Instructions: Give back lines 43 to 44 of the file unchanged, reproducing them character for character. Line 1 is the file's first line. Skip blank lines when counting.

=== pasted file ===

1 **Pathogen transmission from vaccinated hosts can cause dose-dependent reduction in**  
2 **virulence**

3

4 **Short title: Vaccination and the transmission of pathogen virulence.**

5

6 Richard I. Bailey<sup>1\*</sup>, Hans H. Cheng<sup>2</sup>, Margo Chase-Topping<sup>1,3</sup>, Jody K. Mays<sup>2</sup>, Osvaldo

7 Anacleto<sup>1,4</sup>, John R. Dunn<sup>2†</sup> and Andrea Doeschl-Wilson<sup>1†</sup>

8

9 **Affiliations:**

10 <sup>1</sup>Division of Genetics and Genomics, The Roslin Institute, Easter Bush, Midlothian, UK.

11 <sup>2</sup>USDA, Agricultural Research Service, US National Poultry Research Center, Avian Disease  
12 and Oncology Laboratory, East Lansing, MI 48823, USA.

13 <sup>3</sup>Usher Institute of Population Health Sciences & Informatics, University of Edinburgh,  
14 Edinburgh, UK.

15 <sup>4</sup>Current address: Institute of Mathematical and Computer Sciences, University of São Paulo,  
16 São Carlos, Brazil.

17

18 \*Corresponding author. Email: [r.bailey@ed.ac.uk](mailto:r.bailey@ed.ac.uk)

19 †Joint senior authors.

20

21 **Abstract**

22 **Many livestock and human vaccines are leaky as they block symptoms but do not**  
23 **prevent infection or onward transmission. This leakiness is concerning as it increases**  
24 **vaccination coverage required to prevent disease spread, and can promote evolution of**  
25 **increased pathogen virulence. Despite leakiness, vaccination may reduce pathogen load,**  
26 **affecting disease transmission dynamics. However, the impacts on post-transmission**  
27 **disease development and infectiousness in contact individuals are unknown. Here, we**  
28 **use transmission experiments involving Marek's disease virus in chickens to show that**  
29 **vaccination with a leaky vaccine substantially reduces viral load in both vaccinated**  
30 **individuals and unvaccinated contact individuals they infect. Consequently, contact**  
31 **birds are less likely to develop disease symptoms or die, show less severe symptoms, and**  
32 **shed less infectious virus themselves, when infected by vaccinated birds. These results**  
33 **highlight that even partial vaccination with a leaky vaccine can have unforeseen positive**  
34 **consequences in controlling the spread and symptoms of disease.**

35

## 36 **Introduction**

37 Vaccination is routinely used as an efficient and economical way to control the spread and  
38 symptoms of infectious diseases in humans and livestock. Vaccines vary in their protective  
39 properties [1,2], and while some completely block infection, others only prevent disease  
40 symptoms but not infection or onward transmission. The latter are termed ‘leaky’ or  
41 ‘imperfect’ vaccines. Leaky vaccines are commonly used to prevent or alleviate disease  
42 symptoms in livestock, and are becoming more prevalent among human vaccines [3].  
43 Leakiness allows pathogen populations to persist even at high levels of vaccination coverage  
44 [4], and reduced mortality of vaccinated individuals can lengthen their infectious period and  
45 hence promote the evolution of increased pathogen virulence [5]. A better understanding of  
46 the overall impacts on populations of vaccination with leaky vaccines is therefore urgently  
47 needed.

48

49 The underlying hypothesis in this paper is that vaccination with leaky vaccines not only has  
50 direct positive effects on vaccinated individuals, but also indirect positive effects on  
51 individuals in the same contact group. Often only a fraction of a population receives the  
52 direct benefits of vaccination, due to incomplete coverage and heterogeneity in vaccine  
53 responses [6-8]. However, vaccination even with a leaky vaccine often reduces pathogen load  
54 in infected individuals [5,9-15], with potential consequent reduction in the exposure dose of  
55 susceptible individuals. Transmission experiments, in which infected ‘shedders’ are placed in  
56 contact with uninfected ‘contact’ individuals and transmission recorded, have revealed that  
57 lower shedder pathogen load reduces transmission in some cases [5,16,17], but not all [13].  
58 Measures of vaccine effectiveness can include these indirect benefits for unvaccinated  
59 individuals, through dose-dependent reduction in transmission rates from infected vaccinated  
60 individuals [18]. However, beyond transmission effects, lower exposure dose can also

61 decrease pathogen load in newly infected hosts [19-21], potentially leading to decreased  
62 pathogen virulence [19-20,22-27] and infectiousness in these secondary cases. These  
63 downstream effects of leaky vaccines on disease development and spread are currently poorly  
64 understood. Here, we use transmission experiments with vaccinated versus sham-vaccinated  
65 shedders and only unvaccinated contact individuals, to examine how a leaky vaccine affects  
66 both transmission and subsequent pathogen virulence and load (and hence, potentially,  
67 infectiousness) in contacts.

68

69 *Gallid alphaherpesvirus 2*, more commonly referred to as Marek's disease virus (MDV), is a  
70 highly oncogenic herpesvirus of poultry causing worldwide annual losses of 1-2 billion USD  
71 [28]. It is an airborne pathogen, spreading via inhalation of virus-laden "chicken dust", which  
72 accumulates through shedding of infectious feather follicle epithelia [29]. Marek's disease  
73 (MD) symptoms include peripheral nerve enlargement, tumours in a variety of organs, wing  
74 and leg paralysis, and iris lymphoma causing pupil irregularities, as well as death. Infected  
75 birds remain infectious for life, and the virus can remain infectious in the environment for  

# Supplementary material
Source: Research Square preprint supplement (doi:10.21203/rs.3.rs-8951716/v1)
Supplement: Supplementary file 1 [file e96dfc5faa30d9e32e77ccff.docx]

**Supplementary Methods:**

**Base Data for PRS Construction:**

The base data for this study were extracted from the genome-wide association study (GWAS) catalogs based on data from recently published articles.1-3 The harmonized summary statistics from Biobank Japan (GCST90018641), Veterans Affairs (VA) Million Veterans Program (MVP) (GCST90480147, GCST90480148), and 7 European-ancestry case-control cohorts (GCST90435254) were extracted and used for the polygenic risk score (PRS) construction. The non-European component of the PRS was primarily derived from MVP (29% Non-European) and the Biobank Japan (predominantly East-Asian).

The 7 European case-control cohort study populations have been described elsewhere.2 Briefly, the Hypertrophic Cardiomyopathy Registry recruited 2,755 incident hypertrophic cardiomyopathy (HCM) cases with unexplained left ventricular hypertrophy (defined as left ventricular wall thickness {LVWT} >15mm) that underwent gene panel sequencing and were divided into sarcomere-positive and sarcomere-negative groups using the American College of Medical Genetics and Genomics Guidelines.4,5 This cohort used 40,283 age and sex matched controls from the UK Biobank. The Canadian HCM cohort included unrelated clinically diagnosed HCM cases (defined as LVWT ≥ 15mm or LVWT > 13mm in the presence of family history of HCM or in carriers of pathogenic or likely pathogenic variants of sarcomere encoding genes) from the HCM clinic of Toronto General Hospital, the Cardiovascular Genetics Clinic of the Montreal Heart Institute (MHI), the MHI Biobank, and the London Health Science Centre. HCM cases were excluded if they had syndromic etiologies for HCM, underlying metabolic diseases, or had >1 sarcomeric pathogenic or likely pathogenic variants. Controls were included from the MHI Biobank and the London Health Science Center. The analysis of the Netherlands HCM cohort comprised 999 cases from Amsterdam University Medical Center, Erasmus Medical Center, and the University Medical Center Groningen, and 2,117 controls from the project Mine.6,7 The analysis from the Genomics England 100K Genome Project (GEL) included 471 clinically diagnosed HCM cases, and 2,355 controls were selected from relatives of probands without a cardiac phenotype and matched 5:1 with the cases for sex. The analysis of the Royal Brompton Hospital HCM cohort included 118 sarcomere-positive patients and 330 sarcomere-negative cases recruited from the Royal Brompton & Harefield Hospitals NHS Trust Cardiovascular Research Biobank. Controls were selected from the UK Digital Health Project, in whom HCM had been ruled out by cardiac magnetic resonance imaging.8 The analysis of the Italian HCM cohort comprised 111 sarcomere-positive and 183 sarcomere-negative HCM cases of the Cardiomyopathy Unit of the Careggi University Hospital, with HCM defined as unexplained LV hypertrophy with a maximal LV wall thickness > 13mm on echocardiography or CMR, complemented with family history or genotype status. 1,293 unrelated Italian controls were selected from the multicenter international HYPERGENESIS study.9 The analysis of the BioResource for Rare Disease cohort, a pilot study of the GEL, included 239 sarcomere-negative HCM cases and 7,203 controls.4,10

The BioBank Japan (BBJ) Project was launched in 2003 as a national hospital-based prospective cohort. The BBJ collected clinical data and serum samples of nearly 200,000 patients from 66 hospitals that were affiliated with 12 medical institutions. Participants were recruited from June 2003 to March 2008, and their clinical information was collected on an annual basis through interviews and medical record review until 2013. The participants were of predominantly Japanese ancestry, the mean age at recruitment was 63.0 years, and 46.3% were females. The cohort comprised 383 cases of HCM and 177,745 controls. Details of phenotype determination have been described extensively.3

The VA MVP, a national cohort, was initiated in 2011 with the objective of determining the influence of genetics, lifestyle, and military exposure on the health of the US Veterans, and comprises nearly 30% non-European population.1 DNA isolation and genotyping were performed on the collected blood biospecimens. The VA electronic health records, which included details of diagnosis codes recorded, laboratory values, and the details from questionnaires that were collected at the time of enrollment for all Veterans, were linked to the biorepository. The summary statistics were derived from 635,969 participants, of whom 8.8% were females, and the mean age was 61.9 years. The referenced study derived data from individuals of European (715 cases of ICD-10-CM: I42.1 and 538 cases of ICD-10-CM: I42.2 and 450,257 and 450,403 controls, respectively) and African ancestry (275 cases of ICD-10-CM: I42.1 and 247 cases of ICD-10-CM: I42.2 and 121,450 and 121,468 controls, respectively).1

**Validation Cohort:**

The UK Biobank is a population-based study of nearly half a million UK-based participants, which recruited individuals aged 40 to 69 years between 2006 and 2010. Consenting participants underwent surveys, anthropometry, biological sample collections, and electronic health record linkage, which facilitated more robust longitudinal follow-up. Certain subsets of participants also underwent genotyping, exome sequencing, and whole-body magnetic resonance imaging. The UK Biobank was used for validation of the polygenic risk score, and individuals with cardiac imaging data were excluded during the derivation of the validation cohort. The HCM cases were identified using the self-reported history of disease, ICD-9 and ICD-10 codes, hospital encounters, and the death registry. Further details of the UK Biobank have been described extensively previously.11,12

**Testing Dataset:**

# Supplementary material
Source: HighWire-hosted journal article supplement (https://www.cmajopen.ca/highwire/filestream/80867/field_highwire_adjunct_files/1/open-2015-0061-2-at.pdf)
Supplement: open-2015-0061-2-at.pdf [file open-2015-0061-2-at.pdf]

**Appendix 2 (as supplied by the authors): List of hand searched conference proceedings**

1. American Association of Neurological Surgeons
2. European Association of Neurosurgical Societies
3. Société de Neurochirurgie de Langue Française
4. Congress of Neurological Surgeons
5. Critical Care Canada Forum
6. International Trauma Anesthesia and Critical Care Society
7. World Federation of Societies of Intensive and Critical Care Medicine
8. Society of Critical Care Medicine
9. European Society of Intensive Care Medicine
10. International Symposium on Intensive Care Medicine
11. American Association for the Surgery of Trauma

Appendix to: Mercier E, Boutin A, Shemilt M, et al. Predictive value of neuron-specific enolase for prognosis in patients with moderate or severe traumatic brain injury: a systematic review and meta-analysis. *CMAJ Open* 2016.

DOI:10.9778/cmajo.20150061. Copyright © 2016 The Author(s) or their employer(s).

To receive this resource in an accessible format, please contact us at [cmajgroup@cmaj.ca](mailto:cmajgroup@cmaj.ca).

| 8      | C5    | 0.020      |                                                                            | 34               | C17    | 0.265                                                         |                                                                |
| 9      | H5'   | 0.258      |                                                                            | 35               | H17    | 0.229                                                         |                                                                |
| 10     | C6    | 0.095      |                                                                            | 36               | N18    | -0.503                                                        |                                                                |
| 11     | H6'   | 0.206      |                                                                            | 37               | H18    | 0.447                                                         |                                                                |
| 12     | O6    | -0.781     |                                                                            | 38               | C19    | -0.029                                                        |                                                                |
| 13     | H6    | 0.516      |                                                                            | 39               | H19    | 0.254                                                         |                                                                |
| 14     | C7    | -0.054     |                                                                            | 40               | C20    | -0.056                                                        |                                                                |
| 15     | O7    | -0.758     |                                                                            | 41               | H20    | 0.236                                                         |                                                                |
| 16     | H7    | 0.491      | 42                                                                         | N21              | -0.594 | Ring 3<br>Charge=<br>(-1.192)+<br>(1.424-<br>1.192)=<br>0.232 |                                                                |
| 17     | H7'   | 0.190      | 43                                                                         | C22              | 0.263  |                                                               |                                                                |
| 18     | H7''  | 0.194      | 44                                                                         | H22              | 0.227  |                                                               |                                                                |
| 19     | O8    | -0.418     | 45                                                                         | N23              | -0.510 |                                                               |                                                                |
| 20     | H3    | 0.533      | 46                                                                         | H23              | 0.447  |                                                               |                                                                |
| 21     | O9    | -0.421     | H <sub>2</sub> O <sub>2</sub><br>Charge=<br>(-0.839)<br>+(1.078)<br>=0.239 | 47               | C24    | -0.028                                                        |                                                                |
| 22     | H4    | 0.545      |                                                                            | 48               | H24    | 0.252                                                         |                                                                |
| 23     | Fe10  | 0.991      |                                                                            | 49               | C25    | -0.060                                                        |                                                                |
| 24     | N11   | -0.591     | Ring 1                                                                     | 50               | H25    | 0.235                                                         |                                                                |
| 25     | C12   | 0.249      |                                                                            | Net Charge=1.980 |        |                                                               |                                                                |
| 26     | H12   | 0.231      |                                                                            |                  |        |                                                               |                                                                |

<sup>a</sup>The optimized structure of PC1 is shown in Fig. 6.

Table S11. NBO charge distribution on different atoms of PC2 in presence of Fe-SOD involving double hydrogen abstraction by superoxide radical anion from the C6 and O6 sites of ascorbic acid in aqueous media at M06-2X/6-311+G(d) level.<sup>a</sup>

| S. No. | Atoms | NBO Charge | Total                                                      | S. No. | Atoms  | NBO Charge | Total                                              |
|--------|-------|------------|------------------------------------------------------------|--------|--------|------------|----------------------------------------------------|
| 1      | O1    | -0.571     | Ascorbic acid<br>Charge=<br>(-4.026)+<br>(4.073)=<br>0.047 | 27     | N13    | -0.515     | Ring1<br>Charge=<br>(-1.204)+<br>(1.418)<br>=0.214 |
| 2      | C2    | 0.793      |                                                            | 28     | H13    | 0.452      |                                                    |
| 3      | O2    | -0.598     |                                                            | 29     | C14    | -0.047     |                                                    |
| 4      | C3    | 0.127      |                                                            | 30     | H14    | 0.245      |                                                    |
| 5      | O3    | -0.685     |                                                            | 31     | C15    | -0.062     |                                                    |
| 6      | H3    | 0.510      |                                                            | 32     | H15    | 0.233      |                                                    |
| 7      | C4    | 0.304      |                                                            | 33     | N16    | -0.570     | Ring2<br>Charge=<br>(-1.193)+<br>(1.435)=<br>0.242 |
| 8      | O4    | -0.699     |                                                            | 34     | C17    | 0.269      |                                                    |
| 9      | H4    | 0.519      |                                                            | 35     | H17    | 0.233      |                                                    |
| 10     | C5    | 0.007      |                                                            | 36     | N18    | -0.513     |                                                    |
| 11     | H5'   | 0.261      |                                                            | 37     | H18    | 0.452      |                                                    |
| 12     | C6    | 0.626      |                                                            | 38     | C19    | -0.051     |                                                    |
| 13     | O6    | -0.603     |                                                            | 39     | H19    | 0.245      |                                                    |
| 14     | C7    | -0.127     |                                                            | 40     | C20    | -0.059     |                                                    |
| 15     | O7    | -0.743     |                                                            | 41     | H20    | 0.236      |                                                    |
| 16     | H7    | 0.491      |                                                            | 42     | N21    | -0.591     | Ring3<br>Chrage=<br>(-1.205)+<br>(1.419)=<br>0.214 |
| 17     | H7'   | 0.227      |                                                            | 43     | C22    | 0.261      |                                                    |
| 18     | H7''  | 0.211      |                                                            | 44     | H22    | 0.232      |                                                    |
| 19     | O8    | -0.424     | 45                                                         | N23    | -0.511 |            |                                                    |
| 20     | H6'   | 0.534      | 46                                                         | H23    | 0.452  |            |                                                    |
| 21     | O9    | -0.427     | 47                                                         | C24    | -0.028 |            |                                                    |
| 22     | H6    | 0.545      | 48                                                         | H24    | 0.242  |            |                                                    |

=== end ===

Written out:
43 Leakiness allows pathogen populations to persist even at high levels of vaccination coverage  
44 [4], and reduced mortality of vaccinated individuals can lengthen their infectious period and  